Setups and Payoffs

I’m not going to make too many comparisons between Peacemaker and what Disney’s doing with its Marvel shows, but one valid criticism Marvel’s earned is it’s poor payoffs. For all it’s silliness and over the top action, Peacemaker takes its plot seriously. There’s genuine intrigue from the multiple crisscrossing subplots, and every character’s mystery gets resolved by the last episode. Furthermore, the plotline connecting all of these characters and their secrets has a major last minute reveal that might be the best subtle storytelling I’ve seen in a series like this.

It’s the mirror opposite of the Ralph Bohner reveal from Wanda/Vision. Instead of loudly asking a question and then basically insulting the audience for wanting an answer, Peacemaker whispers a question throughout the series and then casually answers it brilliantly.

Endearing and Engrossing

John Cena’s a good actor in the same way he’s good looking: I can’t tell. But I do know that the man is unbelievably watchable. It’s easy to dismiss Peacemaker as a one-dimensional character in a three-dimensional world. That’s why, as the show explores his vow, his family, and what he does, we learn why we should care about Peacemaker. But that only works because John Cena can switch between being a complete dufus with the body of a god (who may or may not be handsome) to totally relatable.

The rest of the cast balances being plot devices, comedic straight men, and likeable characters. There’s a scene where Peacemaker rips into Steve Agee’s character for making a mistake under pressure. Peacemaker lists all of the better options Economos could have chosen. It’s a solid minute of one man yelling at another, and another minute of an extended version of the scene after the credits. It’s an unbelievable mix of agreeing with Peacemaker, disagreeing with how he’s handling it but finding it nonetheless hilarious, sympathizing with Economos, and wondering how much of this is improvised.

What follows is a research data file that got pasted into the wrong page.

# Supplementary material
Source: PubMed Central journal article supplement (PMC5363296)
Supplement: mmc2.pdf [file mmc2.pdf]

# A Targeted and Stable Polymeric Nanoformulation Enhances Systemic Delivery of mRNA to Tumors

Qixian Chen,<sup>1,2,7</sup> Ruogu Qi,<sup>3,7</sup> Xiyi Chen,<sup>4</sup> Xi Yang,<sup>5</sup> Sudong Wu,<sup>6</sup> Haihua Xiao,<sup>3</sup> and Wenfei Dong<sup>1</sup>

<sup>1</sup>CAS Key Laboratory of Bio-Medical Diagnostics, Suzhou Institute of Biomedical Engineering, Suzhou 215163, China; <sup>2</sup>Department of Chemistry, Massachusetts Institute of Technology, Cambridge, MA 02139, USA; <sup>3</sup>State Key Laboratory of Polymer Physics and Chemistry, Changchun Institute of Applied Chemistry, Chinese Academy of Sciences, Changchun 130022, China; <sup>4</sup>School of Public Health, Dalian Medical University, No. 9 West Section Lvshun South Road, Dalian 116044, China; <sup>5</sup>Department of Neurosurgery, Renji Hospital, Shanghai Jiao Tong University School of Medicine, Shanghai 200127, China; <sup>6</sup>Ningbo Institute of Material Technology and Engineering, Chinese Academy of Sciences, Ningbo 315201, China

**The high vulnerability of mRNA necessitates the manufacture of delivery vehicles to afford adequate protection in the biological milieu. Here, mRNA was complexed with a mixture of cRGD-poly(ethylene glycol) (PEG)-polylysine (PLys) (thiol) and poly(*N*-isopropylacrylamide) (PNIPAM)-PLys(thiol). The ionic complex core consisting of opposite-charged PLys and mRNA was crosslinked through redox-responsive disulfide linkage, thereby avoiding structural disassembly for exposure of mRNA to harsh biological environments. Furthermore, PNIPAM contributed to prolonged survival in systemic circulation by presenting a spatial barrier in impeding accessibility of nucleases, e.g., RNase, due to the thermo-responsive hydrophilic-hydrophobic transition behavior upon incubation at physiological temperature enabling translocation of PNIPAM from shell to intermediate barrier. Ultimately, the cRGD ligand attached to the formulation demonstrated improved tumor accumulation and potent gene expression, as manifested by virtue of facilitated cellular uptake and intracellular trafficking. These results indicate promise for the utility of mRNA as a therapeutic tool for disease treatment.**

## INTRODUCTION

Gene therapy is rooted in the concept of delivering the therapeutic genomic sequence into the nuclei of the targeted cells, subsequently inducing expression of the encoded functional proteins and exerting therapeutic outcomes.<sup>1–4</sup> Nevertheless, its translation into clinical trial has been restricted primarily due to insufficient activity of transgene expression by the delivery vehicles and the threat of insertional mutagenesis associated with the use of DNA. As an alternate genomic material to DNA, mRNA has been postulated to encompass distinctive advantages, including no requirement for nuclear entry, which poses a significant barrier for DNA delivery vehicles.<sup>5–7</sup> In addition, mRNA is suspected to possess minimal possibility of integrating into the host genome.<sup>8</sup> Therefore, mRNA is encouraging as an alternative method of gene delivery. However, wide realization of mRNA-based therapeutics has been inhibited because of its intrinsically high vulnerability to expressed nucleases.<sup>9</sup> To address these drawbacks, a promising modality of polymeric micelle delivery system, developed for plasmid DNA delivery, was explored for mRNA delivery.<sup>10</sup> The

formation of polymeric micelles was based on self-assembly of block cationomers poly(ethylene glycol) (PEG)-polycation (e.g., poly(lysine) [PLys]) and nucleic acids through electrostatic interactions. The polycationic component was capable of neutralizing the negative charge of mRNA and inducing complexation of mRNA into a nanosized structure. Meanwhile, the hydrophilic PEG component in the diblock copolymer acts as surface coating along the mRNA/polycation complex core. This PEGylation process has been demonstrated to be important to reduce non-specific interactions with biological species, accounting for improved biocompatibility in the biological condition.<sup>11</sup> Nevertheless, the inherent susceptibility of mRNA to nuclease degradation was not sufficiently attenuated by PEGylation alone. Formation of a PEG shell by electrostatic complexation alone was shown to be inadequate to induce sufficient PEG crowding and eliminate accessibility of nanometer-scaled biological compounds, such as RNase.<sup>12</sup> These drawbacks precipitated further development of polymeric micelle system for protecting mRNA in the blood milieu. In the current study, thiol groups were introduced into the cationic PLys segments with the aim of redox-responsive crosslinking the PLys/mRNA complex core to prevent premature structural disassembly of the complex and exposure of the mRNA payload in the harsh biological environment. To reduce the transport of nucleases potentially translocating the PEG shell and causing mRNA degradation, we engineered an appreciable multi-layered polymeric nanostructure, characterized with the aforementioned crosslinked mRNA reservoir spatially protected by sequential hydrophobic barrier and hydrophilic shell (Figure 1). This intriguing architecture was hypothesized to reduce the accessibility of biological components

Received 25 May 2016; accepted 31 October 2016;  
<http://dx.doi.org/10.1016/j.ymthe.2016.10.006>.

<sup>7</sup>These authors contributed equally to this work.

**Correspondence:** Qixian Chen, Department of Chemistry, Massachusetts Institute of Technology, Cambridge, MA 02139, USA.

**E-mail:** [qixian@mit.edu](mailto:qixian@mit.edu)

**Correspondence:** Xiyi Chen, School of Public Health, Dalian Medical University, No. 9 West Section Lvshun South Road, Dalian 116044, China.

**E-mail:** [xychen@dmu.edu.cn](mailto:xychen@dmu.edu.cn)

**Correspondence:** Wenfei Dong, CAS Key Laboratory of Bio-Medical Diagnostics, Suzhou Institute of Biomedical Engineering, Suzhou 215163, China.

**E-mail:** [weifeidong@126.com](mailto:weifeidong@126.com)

I’m impressed with the writing and performance of the secondary characters. Given that everyone has a secret, there’s a need for dialogue to have either two truths or a truth and a lie. In cases like that, you often end up asking “If X is this character’s real motivation, why are they doing Y?” One of Peacemaker’s greatest achievements is that it stays true to the character’s secrets and to their behaviour in scene. Even if the secrets aren’t especially deep, the show’s attention to detail ensures they matter.


Dan M. has it right. This should be a niche show that gets a cult following. Instead, I think it’s the best example of a show that took a big swing and knocked it out of the park. People who don’t think they’d like this show should check it out. At least watch the opening credits. The intro concentrates the series’ “I don’t get it, but I love it” energy.

I’m ashamed that I didn’t cover Eagly much in this review, so I’ll end with this piece of wonderful Eagly art that Lar shared (remember to support Lar’s MS fundraising!).


Now you know,